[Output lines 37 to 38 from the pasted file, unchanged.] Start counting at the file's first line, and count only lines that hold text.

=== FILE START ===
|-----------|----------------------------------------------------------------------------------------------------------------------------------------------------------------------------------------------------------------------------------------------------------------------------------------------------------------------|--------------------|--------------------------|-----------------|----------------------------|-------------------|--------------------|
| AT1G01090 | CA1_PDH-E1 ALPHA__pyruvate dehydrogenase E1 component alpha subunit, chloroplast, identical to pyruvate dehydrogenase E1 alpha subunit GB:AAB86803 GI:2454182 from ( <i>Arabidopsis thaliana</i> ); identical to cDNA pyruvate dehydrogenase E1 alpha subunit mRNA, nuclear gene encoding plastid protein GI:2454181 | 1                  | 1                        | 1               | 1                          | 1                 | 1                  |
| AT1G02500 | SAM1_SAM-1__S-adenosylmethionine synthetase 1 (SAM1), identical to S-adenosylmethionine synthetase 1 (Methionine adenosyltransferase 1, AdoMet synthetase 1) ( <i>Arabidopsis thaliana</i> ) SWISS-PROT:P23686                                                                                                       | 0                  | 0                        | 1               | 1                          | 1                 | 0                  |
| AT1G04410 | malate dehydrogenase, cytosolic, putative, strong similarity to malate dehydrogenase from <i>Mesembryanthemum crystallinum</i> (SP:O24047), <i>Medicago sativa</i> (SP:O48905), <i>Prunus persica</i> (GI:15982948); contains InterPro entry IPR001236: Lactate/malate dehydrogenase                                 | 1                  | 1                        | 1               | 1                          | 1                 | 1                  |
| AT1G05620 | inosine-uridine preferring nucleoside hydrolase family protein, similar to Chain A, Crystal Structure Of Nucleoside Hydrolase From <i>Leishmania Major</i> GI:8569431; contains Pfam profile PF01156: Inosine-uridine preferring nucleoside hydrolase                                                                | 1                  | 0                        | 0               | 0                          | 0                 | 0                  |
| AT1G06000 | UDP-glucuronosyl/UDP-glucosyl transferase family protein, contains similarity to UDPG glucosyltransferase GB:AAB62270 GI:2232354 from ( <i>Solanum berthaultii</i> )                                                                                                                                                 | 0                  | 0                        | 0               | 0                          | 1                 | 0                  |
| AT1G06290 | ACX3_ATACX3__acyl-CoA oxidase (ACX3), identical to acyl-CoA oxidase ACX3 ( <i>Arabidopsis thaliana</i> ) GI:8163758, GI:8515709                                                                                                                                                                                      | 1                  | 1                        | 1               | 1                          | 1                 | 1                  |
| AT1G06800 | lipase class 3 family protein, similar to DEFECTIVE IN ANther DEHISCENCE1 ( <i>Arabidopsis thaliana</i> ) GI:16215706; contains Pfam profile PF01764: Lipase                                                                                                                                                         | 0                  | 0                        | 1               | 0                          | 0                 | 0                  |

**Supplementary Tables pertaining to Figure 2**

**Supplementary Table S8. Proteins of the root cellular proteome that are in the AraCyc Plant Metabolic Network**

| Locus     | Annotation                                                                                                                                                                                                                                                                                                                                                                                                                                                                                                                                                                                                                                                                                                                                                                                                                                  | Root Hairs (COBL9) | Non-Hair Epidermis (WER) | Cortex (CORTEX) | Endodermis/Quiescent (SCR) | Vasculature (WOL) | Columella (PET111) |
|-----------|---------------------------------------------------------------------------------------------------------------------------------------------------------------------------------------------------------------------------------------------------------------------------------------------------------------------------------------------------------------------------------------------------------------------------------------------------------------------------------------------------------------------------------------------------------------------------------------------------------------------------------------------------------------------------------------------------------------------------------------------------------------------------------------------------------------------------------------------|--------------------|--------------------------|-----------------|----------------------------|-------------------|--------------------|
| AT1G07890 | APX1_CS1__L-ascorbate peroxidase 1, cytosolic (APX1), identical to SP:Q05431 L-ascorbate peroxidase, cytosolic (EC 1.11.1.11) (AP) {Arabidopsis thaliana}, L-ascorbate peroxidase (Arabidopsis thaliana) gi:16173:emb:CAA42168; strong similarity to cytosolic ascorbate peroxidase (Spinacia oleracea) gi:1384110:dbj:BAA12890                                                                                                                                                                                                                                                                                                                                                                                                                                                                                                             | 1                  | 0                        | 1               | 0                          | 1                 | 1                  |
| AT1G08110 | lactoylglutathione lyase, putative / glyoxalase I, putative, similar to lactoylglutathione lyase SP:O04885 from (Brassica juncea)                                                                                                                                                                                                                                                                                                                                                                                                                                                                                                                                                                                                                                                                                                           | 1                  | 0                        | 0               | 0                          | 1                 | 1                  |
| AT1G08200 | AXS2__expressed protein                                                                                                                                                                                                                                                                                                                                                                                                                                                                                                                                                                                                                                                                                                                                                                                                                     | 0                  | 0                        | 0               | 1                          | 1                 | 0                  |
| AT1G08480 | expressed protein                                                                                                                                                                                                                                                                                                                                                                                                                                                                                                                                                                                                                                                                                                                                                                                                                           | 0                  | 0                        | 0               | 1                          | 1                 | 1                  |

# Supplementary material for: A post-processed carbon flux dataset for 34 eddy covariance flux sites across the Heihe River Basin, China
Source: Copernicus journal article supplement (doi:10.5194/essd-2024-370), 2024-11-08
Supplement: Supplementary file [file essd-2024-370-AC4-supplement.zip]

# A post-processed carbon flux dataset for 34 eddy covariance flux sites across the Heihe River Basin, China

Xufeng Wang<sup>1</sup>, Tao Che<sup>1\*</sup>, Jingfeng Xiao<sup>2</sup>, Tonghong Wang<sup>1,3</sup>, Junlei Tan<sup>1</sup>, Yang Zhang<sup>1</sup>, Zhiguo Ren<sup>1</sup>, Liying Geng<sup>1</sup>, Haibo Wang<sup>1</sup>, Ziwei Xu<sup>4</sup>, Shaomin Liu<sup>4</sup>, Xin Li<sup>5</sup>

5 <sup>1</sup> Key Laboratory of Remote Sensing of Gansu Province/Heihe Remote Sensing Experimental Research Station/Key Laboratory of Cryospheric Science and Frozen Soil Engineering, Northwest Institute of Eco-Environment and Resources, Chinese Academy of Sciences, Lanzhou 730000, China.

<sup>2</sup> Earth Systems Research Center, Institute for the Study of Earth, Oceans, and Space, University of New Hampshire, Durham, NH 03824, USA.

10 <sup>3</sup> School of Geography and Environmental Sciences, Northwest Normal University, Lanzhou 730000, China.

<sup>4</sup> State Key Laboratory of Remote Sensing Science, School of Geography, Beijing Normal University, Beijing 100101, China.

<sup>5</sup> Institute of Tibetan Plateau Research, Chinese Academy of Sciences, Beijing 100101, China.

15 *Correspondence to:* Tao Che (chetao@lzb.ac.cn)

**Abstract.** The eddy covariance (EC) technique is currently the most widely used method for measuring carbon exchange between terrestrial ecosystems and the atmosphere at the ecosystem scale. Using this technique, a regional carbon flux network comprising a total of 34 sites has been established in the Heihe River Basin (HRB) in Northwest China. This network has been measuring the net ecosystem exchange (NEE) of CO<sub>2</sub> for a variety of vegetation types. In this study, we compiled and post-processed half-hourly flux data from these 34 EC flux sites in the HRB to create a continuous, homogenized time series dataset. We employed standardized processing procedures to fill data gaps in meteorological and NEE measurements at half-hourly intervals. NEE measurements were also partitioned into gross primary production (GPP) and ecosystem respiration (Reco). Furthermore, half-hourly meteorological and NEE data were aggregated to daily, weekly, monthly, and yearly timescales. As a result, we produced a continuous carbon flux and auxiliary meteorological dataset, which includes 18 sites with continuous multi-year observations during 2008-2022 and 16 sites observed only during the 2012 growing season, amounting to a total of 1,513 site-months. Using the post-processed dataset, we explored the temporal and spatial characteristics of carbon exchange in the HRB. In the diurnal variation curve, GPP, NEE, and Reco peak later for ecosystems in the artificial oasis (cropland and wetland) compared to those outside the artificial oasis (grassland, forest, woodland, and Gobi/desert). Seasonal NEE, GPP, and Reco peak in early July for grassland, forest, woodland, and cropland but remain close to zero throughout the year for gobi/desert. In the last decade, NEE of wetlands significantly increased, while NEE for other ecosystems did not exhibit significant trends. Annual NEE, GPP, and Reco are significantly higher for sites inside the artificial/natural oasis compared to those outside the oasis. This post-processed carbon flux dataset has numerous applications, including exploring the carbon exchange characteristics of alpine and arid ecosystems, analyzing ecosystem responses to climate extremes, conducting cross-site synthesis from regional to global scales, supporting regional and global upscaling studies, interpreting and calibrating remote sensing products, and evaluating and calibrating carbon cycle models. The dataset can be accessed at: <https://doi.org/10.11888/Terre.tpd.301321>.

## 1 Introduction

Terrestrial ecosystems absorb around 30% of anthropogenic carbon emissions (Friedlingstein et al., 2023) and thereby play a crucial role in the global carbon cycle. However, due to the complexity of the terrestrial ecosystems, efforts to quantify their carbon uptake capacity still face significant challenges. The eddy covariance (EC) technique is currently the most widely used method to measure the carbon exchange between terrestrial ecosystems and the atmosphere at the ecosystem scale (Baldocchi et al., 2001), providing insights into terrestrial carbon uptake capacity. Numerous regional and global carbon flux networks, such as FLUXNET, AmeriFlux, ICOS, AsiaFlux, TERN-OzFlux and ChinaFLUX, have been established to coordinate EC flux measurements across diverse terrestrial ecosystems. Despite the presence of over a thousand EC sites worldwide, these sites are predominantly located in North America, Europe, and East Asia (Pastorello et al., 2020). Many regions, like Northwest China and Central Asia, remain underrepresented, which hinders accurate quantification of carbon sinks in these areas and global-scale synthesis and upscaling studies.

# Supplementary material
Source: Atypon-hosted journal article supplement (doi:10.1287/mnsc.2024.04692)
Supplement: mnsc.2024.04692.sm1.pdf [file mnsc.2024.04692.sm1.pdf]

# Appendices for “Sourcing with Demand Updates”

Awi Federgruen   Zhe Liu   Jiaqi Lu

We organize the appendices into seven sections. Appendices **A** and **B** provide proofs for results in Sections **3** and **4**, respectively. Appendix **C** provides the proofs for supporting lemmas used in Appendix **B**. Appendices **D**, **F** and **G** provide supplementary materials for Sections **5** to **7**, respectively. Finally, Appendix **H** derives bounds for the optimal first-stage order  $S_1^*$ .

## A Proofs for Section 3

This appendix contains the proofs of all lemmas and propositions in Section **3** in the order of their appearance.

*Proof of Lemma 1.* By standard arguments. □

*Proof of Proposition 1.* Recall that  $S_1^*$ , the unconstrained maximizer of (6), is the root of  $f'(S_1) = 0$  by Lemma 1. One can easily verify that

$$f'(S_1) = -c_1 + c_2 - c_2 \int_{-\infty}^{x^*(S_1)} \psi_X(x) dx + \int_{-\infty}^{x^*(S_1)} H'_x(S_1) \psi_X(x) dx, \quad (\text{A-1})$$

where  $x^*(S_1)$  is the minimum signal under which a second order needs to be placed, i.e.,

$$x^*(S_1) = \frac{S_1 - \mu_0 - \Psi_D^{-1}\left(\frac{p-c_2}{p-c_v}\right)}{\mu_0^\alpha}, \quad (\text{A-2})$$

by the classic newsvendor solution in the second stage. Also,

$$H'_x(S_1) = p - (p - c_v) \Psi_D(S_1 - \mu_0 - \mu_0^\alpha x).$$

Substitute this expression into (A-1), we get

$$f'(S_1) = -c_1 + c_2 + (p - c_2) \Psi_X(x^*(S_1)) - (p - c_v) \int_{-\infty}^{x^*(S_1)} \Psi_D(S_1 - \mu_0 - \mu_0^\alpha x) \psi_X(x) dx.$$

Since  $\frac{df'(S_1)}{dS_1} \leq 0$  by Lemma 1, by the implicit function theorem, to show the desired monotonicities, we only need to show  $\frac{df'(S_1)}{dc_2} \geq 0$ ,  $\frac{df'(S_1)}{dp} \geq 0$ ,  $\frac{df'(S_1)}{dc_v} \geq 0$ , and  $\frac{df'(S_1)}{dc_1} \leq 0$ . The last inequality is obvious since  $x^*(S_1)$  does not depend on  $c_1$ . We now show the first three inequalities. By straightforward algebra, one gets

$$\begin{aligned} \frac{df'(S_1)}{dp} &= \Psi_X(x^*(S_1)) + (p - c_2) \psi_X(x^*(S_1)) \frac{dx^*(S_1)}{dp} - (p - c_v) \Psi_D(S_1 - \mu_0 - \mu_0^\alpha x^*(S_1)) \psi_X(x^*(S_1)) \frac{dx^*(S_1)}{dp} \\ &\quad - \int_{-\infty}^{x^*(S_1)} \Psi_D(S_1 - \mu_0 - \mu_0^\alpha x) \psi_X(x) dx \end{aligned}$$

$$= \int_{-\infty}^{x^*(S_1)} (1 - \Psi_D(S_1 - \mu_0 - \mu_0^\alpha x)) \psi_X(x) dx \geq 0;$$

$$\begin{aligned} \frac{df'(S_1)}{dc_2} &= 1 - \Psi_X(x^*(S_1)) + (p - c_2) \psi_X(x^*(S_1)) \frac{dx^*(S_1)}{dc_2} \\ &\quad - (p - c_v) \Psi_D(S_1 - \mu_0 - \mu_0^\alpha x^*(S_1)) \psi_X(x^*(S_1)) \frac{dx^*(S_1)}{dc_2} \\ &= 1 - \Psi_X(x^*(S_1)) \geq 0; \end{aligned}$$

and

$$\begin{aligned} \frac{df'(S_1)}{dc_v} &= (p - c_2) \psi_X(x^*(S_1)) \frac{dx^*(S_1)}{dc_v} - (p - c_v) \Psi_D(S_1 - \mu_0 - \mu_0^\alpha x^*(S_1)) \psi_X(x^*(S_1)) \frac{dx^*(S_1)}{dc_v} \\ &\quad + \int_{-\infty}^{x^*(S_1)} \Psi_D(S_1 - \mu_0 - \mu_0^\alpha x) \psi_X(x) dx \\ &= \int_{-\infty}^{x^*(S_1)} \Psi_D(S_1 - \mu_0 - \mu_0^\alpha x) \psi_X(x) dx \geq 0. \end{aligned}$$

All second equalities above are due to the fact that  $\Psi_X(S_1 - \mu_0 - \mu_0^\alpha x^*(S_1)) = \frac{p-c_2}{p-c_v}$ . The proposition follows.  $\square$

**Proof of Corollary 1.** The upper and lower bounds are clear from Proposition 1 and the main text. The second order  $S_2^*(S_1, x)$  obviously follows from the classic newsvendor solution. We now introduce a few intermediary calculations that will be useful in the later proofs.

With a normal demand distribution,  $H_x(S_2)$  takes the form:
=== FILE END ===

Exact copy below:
## A Proofs for Section 3

This appendix contains the proofs of all lemmas and propositions in Section **3** in the order of their appearance.